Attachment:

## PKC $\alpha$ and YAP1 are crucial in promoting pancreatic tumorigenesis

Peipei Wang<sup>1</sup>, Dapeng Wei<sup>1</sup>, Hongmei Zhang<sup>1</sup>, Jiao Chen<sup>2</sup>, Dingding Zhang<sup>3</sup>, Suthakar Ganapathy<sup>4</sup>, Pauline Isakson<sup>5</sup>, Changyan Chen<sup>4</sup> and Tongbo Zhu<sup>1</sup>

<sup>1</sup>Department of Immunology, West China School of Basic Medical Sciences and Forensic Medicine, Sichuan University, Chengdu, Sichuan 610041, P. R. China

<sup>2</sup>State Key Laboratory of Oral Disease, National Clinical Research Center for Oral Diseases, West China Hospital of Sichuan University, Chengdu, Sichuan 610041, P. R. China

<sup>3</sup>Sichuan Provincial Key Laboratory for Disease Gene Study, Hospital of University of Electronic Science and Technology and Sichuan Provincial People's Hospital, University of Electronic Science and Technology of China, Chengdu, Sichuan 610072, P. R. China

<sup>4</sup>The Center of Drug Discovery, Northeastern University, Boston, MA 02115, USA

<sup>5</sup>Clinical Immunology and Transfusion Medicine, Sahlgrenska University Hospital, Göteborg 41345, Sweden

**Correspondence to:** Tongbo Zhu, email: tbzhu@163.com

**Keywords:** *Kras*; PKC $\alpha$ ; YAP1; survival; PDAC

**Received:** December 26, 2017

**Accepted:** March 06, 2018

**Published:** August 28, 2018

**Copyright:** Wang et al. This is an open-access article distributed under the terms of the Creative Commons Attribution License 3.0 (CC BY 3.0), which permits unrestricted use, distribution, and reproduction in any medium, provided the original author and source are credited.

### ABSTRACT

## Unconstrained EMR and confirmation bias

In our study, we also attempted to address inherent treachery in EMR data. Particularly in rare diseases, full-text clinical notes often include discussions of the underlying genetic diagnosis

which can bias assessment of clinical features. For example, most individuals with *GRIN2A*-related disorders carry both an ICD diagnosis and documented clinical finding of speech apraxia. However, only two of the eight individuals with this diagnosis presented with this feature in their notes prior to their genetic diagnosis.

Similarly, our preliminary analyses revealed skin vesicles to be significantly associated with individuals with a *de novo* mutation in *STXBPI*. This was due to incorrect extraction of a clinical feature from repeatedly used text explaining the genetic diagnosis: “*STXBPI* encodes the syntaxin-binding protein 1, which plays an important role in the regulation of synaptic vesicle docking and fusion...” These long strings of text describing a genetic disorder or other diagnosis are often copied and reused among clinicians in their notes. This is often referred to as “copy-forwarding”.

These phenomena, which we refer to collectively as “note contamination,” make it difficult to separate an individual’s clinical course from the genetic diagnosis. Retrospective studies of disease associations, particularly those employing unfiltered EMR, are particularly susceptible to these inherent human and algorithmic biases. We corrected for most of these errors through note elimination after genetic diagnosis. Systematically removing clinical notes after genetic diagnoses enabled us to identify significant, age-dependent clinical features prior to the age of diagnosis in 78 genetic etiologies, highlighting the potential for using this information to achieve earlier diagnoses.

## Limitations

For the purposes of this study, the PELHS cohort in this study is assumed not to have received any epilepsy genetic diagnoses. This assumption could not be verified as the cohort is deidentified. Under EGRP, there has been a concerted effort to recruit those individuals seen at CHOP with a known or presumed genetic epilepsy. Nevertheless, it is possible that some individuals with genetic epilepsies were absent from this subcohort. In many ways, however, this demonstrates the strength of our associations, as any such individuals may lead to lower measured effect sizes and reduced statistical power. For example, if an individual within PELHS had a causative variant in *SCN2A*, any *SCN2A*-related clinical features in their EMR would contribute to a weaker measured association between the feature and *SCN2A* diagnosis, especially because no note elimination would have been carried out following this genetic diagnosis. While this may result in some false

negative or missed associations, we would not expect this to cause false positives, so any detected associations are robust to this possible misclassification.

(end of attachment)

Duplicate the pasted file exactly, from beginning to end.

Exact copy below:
## PKC $\alpha$ and YAP1 are crucial in promoting pancreatic tumorigenesis

Peipei Wang<sup>1</sup>, Dapeng Wei<sup>1</sup>, Hongmei Zhang<sup>1</sup>, Jiao Chen<sup>2</sup>, Dingding Zhang<sup>3</sup>, Suthakar Ganapathy<sup>4</sup>, Pauline Isakson<sup>5</sup>, Changyan Chen<sup>4</sup> and Tongbo Zhu<sup>1</sup>

<sup>1</sup>Department of Immunology, West China School of Basic Medical Sciences and Forensic Medicine, Sichuan University, Chengdu, Sichuan 610041, P. R. China

<sup>2</sup>State Key Laboratory of Oral Disease, National Clinical Research Center for Oral Diseases, West China Hospital of Sichuan University, Chengdu, Sichuan 610041, P. R. China

<sup>3</sup>Sichuan Provincial Key Laboratory for Disease Gene Study, Hospital of University of Electronic Science and Technology and Sichuan Provincial People's Hospital, University of Electronic Science and Technology of China, Chengdu, Sichuan 610072, P. R. China

<sup>4</sup>The Center of Drug Discovery, Northeastern University, Boston, MA 02115, USA

<sup>5</sup>Clinical Immunology and Transfusion Medicine, Sahlgrenska University Hospital, Göteborg 41345, Sweden

**Correspondence to:** Tongbo Zhu, email: tbzhu@163.com

**Keywords:** *Kras*; PKC $\alpha$ ; YAP1; survival; PDAC

**Received:** December 26, 2017

**Accepted:** March 06, 2018

**Published:** August 28, 2018

**Copyright:** Wang et al. This is an open-access article distributed under the terms of the Creative Commons Attribution License 3.0 (CC BY 3.0), which permits unrestricted use, distribution, and reproduction in any medium, provided the original author and source are credited.

### ABSTRACT

## Unconstrained EMR and confirmation bias

In our study, we also attempted to address inherent treachery in EMR data. Particularly in rare diseases, full-text clinical notes often include discussions of the underlying genetic diagnosis

which can bias assessment of clinical features. For example, most individuals with *GRIN2A*-related disorders carry both an ICD diagnosis and documented clinical finding of speech apraxia. However, only two of the eight individuals with this diagnosis presented with this feature in their notes prior to their genetic diagnosis.

Similarly, our preliminary analyses revealed skin vesicles to be significantly associated with individuals with a *de novo* mutation in *STXBPI*. This was due to incorrect extraction of a clinical feature from repeatedly used text explaining the genetic diagnosis: “*STXBPI* encodes the syntaxin-binding protein 1, which plays an important role in the regulation of synaptic vesicle docking and fusion...” These long strings of text describing a genetic disorder or other diagnosis are often copied and reused among clinicians in their notes. This is often referred to as “copy-forwarding”.

These phenomena, which we refer to collectively as “note contamination,” make it difficult to separate an individual’s clinical course from the genetic diagnosis. Retrospective studies of disease associations, particularly those employing unfiltered EMR, are particularly susceptible to these inherent human and algorithmic biases. We corrected for most of these errors through note elimination after genetic diagnosis. Systematically removing clinical notes after genetic diagnoses enabled us to identify significant, age-dependent clinical features prior to the age of diagnosis in 78 genetic etiologies, highlighting the potential for using this information to achieve earlier diagnoses.

## Limitations

For the purposes of this study, the PELHS cohort in this study is assumed not to have received any epilepsy genetic diagnoses. This assumption could not be verified as the cohort is deidentified. Under EGRP, there has been a concerted effort to recruit those individuals seen at CHOP with a known or presumed genetic epilepsy. Nevertheless, it is possible that some individuals with genetic epilepsies were absent from this subcohort. In many ways, however, this demonstrates the strength of our associations, as any such individuals may lead to lower measured effect sizes and reduced statistical power. For example, if an individual within PELHS had a causative variant in *SCN2A*, any *SCN2A*-related clinical features in their EMR would contribute to a weaker measured association between the feature and *SCN2A* diagnosis, especially because no note elimination would have been carried out following this genetic diagnosis. While this may result in some false

negative or missed associations, we would not expect this to cause false positives, so any detected associations are robust to this possible misclassification.